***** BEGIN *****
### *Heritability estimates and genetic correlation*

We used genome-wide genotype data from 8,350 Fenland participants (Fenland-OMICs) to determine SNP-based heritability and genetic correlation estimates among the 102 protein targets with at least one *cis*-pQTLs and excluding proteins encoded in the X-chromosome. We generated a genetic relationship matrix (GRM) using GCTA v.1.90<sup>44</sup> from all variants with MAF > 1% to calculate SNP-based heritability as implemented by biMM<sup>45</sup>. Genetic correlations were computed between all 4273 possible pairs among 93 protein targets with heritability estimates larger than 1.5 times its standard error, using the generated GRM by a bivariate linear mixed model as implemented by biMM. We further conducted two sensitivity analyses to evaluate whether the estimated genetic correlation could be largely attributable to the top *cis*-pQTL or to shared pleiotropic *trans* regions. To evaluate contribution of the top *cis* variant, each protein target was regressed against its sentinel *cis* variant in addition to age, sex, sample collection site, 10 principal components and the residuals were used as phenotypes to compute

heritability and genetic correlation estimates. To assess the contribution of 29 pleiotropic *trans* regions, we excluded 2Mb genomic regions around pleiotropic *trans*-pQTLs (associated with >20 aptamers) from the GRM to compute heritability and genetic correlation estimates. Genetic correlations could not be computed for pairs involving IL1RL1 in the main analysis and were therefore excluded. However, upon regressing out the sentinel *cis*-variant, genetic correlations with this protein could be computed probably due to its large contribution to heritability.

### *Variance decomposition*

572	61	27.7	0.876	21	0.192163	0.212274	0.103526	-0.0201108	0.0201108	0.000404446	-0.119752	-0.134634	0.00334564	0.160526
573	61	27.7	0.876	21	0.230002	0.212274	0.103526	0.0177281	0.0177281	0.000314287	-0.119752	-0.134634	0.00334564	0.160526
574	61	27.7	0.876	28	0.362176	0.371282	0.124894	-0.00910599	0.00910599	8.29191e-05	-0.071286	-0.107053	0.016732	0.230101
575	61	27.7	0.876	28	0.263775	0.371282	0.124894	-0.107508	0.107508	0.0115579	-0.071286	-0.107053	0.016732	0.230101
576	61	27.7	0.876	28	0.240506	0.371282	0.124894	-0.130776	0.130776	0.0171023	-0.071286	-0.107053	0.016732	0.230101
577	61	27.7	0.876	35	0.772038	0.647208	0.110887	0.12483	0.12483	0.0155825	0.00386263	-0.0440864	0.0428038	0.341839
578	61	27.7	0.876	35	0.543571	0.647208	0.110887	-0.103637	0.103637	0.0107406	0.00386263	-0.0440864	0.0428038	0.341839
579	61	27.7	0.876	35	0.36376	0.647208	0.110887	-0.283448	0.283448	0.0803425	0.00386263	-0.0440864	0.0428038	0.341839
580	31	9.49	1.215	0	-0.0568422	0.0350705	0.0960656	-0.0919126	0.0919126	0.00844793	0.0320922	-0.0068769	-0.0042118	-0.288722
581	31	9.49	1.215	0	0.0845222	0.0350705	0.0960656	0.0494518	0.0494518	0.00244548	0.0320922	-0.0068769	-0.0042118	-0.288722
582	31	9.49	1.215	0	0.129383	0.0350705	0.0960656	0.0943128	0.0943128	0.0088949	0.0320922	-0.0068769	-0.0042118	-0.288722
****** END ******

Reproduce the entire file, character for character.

### *Heritability estimates and genetic correlation*

We used genome-wide genotype data from 8,350 Fenland participants (Fenland-OMICs) to determine SNP-based heritability and genetic correlation estimates among the 102 protein targets with at least one *cis*-pQTLs and excluding proteins encoded in the X-chromosome. We generated a genetic relationship matrix (GRM) using GCTA v.1.90<sup>44</sup> from all variants with MAF > 1% to calculate SNP-based heritability as implemented by biMM<sup>45</sup>. Genetic correlations were computed between all 4273 possible pairs among 93 protein targets with heritability estimates larger than 1.5 times its standard error, using the generated GRM by a bivariate linear mixed model as implemented by biMM. We further conducted two sensitivity analyses to evaluate whether the estimated genetic correlation could be largely attributable to the top *cis*-pQTL or to shared pleiotropic *trans* regions. To evaluate contribution of the top *cis* variant, each protein target was regressed against its sentinel *cis* variant in addition to age, sex, sample collection site, 10 principal components and the residuals were used as phenotypes to compute

heritability and genetic correlation estimates. To assess the contribution of 29 pleiotropic *trans* regions, we excluded 2Mb genomic regions around pleiotropic *trans*-pQTLs (associated with >20 aptamers) from the GRM to compute heritability and genetic correlation estimates. Genetic correlations could not be computed for pairs involving IL1RL1 in the main analysis and were therefore excluded. However, upon regressing out the sentinel *cis*-variant, genetic correlations with this protein could be computed probably due to its large contribution to heritability.

### *Variance decomposition*

572	61	27.7	0.876	21	0.192163	0.212274	0.103526	-0.0201108	0.0201108	0.000404446	-0.119752	-0.134634	0.00334564	0.160526
573	61	27.7	0.876	21	0.230002	0.212274	0.103526	0.0177281	0.0177281	0.000314287	-0.119752	-0.134634	0.00334564	0.160526
574	61	27.7	0.876	28	0.362176	0.371282	0.124894	-0.00910599	0.00910599	8.29191e-05	-0.071286	-0.107053	0.016732	0.230101
575	61	27.7	0.876	28	0.263775	0.371282	0.124894	-0.107508	0.107508	0.0115579	-0.071286	-0.107053	0.016732	0.230101
576	61	27.7	0.876	28	0.240506	0.371282	0.124894	-0.130776	0.130776	0.0171023	-0.071286	-0.107053	0.016732	0.230101
577	61	27.7	0.876	35	0.772038	0.647208	0.110887	0.12483	0.12483	0.0155825	0.00386263	-0.0440864	0.0428038	0.341839
578	61	27.7	0.876	35	0.543571	0.647208	0.110887	-0.103637	0.103637	0.0107406	0.00386263	-0.0440864	0.0428038	0.341839
579	61	27.7	0.876	35	0.36376	0.647208	0.110887	-0.283448	0.283448	0.0803425	0.00386263	-0.0440864	0.0428038	0.341839
580	31	9.49	1.215	0	-0.0568422	0.0350705	0.0960656	-0.0919126	0.0919126	0.00844793	0.0320922	-0.0068769	-0.0042118	-0.288722
581	31	9.49	1.215	0	0.0845222	0.0350705	0.0960656	0.0494518	0.0494518	0.00244548	0.0320922	-0.0068769	-0.0042118	-0.288722
582	31	9.49	1.215	0	0.129383	0.0350705	0.0960656	0.0943128	0.0943128	0.0088949	0.0320922	-0.0068769	-0.0042118	-0.288722